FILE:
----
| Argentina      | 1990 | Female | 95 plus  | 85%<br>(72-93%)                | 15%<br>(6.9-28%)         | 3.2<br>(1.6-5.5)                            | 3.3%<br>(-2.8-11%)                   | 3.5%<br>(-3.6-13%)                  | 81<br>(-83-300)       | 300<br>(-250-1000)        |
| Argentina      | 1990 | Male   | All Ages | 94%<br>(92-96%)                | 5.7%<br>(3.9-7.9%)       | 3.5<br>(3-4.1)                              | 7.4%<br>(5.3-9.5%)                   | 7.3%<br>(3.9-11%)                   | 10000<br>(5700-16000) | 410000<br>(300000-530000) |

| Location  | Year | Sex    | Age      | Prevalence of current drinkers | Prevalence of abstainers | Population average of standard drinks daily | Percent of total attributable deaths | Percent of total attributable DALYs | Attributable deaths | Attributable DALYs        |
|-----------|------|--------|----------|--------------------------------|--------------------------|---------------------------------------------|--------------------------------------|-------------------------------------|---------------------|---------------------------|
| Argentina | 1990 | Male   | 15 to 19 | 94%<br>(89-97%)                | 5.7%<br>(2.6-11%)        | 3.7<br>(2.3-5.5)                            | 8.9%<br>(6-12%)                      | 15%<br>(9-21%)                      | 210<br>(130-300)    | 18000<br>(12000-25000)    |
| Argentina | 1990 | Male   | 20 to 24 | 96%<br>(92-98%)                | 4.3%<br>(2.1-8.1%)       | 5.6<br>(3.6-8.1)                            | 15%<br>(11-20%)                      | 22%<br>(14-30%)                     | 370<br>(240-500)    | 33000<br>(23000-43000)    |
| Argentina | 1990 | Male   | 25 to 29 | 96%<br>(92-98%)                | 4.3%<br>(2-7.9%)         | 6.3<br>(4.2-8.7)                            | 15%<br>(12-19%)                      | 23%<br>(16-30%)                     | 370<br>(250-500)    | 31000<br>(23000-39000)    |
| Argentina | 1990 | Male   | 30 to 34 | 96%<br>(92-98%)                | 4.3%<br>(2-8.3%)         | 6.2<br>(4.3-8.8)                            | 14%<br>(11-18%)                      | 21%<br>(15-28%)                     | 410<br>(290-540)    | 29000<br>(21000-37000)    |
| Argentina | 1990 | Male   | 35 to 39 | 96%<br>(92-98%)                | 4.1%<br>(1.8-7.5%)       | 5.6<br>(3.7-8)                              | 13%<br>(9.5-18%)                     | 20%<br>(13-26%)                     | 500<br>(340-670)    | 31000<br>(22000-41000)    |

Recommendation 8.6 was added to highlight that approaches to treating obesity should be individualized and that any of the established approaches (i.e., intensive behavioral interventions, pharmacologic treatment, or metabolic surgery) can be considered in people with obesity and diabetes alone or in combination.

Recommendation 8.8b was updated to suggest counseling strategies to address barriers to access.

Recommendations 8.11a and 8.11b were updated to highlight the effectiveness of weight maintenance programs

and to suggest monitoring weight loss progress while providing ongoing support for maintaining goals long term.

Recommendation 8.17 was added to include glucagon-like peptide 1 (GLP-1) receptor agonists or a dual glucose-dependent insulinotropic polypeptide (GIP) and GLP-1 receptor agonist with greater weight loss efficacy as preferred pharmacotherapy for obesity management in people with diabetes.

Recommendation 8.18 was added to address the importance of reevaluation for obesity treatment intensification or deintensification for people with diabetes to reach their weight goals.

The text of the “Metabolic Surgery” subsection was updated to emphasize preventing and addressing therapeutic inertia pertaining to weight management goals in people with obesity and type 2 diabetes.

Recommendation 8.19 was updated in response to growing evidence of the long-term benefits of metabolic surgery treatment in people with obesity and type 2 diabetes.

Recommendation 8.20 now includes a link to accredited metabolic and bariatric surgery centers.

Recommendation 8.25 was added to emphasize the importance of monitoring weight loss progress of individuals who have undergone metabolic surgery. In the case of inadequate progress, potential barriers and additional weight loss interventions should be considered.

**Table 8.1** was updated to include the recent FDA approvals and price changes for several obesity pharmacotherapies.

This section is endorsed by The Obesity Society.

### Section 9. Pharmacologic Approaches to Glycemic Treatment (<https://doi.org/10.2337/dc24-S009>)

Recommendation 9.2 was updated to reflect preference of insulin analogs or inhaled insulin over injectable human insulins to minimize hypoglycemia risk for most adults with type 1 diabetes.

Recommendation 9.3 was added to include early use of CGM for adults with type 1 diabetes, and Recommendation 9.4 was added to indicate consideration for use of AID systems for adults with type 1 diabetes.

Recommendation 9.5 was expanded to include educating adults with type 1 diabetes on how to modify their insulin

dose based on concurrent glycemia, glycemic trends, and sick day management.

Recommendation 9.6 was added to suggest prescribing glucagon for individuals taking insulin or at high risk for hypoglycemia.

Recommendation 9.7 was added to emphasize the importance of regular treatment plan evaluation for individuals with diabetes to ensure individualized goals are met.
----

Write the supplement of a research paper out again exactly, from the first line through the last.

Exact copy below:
| Argentina      | 1990 | Female | 95 plus  | 85%<br>(72-93%)                | 15%<br>(6.9-28%)         | 3.2<br>(1.6-5.5)                            | 3.3%<br>(-2.8-11%)                   | 3.5%<br>(-3.6-13%)                  | 81<br>(-83-300)       | 300<br>(-250-1000)        |
| Argentina      | 1990 | Male   | All Ages | 94%<br>(92-96%)                | 5.7%<br>(3.9-7.9%)       | 3.5<br>(3-4.1)                              | 7.4%<br>(5.3-9.5%)                   | 7.3%<br>(3.9-11%)                   | 10000<br>(5700-16000) | 410000<br>(300000-530000) |

| Location  | Year | Sex    | Age      | Prevalence of current drinkers | Prevalence of abstainers | Population average of standard drinks daily | Percent of total attributable deaths | Percent of total attributable DALYs | Attributable deaths | Attributable DALYs        |
|-----------|------|--------|----------|--------------------------------|--------------------------|---------------------------------------------|--------------------------------------|-------------------------------------|---------------------|---------------------------|
| Argentina | 1990 | Male   | 15 to 19 | 94%<br>(89-97%)                | 5.7%<br>(2.6-11%)        | 3.7<br>(2.3-5.5)                            | 8.9%<br>(6-12%)                      | 15%<br>(9-21%)                      | 210<br>(130-300)    | 18000<br>(12000-25000)    |
| Argentina | 1990 | Male   | 20 to 24 | 96%<br>(92-98%)                | 4.3%<br>(2.1-8.1%)       | 5.6<br>(3.6-8.1)                            | 15%<br>(11-20%)                      | 22%<br>(14-30%)                     | 370<br>(240-500)    | 33000<br>(23000-43000)    |
| Argentina | 1990 | Male   | 25 to 29 | 96%<br>(92-98%)                | 4.3%<br>(2-7.9%)         | 6.3<br>(4.2-8.7)                            | 15%<br>(12-19%)                      | 23%<br>(16-30%)                     | 370<br>(250-500)    | 31000<br>(23000-39000)    |
| Argentina | 1990 | Male   | 30 to 34 | 96%<br>(92-98%)                | 4.3%<br>(2-8.3%)         | 6.2<br>(4.3-8.8)                            | 14%<br>(11-18%)                      | 21%<br>(15-28%)                     | 410<br>(290-540)    | 29000<br>(21000-37000)    |
| Argentina | 1990 | Male   | 35 to 39 | 96%<br>(92-98%)                | 4.1%<br>(1.8-7.5%)       | 5.6<br>(3.7-8)                              | 13%<br>(9.5-18%)                     | 20%<br>(13-26%)                     | 500<br>(340-670)    | 31000<br>(22000-41000)    |

Recommendation 8.6 was added to highlight that approaches to treating obesity should be individualized and that any of the established approaches (i.e., intensive behavioral interventions, pharmacologic treatment, or metabolic surgery) can be considered in people with obesity and diabetes alone or in combination.

Recommendation 8.8b was updated to suggest counseling strategies to address barriers to access.

Recommendations 8.11a and 8.11b were updated to highlight the effectiveness of weight maintenance programs

and to suggest monitoring weight loss progress while providing ongoing support for maintaining goals long term.

Recommendation 8.17 was added to include glucagon-like peptide 1 (GLP-1) receptor agonists or a dual glucose-dependent insulinotropic polypeptide (GIP) and GLP-1 receptor agonist with greater weight loss efficacy as preferred pharmacotherapy for obesity management in people with diabetes.

Recommendation 8.18 was added to address the importance of reevaluation for obesity treatment intensification or deintensification for people with diabetes to reach their weight goals.

The text of the “Metabolic Surgery” subsection was updated to emphasize preventing and addressing therapeutic inertia pertaining to weight management goals in people with obesity and type 2 diabetes.

Recommendation 8.19 was updated in response to growing evidence of the long-term benefits of metabolic surgery treatment in people with obesity and type 2 diabetes.

Recommendation 8.20 now includes a link to accredited metabolic and bariatric surgery centers.

Recommendation 8.25 was added to emphasize the importance of monitoring weight loss progress of individuals who have undergone metabolic surgery. In the case of inadequate progress, potential barriers and additional weight loss interventions should be considered.

**Table 8.1** was updated to include the recent FDA approvals and price changes for several obesity pharmacotherapies.

This section is endorsed by The Obesity Society.

### Section 9. Pharmacologic Approaches to Glycemic Treatment (<https://doi.org/10.2337/dc24-S009>)

Recommendation 9.2 was updated to reflect preference of insulin analogs or inhaled insulin over injectable human insulins to minimize hypoglycemia risk for most adults with type 1 diabetes.

Recommendation 9.3 was added to include early use of CGM for adults with type 1 diabetes, and Recommendation 9.4 was added to indicate consideration for use of AID systems for adults with type 1 diabetes.

Recommendation 9.5 was expanded to include educating adults with type 1 diabetes on how to modify their insulin

dose based on concurrent glycemia, glycemic trends, and sick day management.

Recommendation 9.6 was added to suggest prescribing glucagon for individuals taking insulin or at high risk for hypoglycemia.

Recommendation 9.7 was added to emphasize the importance of regular treatment plan evaluation for individuals with diabetes to ensure individualized goals are met.